Q: How did you come up with the idea for The Legacy, and for your character Russell?
A: A number of things came together in my mind to create the novel, and I can’t really recall which came first. Certainly, my father’s death in 1998 had a lot to do with it. I was bereft when he died, not least because there were unresolved issues which could now never be explained and put to rest.
So an important part of the novel was the exploration of this vortex of mourning and grief, anger and regret, and the attempt to bring about some kind of resolution.
I think the character of Russell sprang directly from this; he emerged in my mind and then drove the story forward. Over the years, I’ve known a number of Russells – and they have all been men – whose profound ambivalence towards their Jewish identity is inextricably wrapped up with embarrassment or anger or other negative feelings towards their families.
And Russell inhabits a world I know very well – the world of the media, brittle and shallow and merciless towards anyone who doesn’t fit its own ideological template.
Years ago, I knew someone who had stumbled upon a medieval manuscript and that experience lodged in my mind. I also read a book about a particularly dreadful event that occurred in Holocaust Europe and which made an enormous impression on me.
Once I had written my own “medieval manuscript” for the novel, the rest of the story, including the mystery that it represents, gradually fell into place. And it became obvious to me that the journey upon which Russell embarks despite himself would take him into the territory I know so well: the deep ambivalence and discomfort of British Jews with their identity, and the persistent antisemitism of British society.
Q: What kind of research did you need to do to write the novel, and did you learn anything that especially surprised you?
A: I did a lot of research for this novel. Although it is fiction, two incidents central to the plot actually took place. So I was anxious to ensure that I represented these as accurately and as fairly as I could. As I have already said, I had previously read about one of these incidents; and I then read everything else I could find on that topic.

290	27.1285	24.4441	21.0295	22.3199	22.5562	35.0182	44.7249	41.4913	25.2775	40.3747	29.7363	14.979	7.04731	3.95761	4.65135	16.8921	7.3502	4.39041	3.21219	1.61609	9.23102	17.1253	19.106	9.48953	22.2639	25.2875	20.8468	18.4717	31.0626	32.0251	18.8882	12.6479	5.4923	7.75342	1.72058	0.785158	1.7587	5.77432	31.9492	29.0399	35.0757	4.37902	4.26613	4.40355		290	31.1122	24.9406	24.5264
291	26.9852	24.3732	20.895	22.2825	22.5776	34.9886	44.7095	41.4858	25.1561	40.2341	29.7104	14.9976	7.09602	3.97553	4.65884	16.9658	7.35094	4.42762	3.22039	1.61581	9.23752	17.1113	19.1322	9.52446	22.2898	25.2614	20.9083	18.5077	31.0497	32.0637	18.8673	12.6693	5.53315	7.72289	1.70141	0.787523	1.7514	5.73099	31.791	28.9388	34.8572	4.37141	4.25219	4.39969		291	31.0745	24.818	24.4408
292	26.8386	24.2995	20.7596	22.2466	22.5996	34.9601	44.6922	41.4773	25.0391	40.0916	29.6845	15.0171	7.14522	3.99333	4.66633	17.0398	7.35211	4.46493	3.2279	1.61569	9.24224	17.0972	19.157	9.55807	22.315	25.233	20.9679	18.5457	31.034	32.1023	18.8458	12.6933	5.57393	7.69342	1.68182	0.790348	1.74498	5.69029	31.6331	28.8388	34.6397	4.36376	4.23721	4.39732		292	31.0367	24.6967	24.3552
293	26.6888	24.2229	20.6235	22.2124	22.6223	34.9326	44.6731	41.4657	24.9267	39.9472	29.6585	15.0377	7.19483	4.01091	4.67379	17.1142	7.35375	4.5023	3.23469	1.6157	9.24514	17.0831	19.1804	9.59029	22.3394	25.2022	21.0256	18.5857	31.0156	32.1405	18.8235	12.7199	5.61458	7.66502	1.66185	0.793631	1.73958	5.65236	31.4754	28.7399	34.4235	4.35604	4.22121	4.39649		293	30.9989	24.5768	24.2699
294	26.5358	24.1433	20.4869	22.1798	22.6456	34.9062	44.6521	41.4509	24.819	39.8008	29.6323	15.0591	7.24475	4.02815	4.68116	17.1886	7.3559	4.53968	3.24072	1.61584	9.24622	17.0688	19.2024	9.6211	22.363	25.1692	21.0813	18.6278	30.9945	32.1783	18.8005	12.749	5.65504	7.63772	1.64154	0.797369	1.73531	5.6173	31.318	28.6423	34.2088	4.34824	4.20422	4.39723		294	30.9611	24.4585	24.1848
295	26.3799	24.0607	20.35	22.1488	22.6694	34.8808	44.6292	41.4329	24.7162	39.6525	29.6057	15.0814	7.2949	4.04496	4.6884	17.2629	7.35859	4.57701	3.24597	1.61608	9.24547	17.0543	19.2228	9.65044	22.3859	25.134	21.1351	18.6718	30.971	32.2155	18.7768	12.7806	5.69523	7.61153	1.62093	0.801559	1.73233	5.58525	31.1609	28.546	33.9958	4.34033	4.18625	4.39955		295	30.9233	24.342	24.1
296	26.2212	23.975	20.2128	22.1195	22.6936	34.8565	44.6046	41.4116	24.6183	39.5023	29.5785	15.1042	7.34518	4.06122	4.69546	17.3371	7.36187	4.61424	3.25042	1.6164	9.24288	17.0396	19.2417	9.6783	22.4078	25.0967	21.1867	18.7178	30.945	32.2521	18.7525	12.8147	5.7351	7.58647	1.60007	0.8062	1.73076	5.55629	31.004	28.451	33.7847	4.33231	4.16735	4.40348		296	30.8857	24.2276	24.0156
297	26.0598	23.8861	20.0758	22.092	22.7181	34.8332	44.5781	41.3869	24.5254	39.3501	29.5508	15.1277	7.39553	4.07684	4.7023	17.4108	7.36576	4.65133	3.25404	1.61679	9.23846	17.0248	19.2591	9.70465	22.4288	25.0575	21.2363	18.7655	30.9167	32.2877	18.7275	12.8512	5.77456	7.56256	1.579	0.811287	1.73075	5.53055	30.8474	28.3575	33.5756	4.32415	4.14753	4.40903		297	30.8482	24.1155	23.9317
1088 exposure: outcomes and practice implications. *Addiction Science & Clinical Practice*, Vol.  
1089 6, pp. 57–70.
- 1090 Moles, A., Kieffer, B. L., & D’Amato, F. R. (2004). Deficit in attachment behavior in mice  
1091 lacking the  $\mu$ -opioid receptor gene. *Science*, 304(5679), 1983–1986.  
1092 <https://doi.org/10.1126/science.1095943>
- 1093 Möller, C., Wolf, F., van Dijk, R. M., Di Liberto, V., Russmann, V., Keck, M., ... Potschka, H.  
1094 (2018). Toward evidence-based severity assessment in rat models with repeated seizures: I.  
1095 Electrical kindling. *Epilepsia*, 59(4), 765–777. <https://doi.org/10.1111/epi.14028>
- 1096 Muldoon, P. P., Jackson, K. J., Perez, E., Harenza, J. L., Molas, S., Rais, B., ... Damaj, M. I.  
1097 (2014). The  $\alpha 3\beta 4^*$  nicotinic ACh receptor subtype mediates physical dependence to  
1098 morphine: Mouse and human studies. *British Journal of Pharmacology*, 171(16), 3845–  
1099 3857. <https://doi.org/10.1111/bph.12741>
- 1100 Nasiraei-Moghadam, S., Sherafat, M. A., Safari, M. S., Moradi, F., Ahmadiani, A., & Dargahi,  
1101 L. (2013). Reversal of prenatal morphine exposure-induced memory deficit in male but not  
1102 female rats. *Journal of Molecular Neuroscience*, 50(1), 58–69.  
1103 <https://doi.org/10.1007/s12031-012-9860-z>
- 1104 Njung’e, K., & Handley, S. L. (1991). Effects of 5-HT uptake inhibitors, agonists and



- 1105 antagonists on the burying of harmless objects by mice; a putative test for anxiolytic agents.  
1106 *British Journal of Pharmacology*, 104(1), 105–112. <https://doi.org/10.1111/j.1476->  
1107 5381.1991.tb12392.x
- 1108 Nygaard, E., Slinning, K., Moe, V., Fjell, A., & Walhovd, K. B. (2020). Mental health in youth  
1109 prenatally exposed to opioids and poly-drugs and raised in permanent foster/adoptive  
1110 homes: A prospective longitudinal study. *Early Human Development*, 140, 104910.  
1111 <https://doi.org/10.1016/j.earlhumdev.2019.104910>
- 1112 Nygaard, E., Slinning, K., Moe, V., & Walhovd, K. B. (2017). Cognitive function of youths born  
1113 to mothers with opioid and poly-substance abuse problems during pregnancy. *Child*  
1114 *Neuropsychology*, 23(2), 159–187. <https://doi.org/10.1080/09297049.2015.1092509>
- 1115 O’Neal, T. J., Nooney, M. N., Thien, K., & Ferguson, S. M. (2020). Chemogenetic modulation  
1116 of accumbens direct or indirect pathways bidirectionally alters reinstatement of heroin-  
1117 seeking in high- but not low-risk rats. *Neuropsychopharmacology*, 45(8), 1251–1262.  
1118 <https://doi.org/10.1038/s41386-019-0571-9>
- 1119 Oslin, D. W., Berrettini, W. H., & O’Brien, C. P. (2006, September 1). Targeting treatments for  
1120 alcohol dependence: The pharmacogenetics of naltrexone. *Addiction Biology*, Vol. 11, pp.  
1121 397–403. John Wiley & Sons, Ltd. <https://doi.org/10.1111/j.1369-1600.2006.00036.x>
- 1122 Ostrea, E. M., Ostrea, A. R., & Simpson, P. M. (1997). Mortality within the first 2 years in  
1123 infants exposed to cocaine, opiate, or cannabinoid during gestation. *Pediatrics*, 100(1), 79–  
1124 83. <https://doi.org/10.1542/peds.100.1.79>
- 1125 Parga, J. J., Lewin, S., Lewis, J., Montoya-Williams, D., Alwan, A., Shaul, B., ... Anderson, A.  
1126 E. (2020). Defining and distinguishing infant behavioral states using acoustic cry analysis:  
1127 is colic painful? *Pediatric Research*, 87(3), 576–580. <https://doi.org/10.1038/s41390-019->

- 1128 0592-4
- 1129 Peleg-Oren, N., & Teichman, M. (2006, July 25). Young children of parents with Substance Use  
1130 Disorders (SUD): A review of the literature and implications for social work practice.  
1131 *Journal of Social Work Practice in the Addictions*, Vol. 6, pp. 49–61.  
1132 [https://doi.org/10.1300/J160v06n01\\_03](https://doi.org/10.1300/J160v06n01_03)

On the daily life of Jews in medieval Britain, though, I had to do a lot of digging because sources were few and far between. There was more written about Jews in medieval Europe than in Britain, but since at that time Jews had flowed from Europe into Britain the European sources provided some useful detail.
Although I wasn’t surprised, I was still shocked to discover the unspeakable barbarism with which Jews had been treated in medieval Britain (as well as in Europe, of course, during the Crusades).
It confirmed me in what is a key theme of the novel: the ultimately unfathomable continuity of antisemitism through the ages – the way in which it morphed from theological antisemitism under medieval Christianity, through racial antisemitism under the Nazis to its current manifestation as ideological antisemitism in left-wing dogma.
Q: Did you know how the novel would end before you started writing it, or did you make many changes along the way?
A: When I started writing it, I certainly didn’t know how it would end. Indeed, I changed various elements in the narrative several times. The characters and plot started to develop in ways I had not anticipated when I started but which seemed entirely appropriate as I continued to write.
My first draft, though, ended the narrative far too early: I realised I had left too many threads dangling in the air, and so several further chapters then followed before I finally called a halt. And now readers tell me they want to find out what happens next to Russell and his daughter and will I please write a sequel!
Q: What are you working on now?
A: Well, despite what I have just said I am not writing a sequel. I have started work on a new novel, but it will be very different from The Legacy. More than that I cannot divulge – but I do hope I’ll be able to write it rather faster than The Legacy, which took forever!
Q: Anything else we should know?
A: I’d like say a bit more about what I was trying to do in The Legacy. I wanted to look at what motivates people to behave in certain ways – to get under the skin of both the antisemite and the Jew who despises the Jewish part of himself.
I wanted to show that life is all about change and growth and that we are all capable of escaping from the traps we create for ourselves, even though fate may have to give us a kicking before we do so.
I wanted to show that we all need to know what we are, to anchor ourselves in a cultural identity and to feel we belong. And I wanted to show that things are often not what they seem to be, that to avoid pain we sometimes create fantasies in which we hide, including denying our identity; but history lays claim to us regardless, and in one way or another we need to make our peace with it.
People who have read The Legacy tell me how strongly they identified with it, how they laughed and cried over it and how they couldn’t stop turning the pages. I didn’t believe I could ever write a novel. I can’t tell you how much that reaction means to me.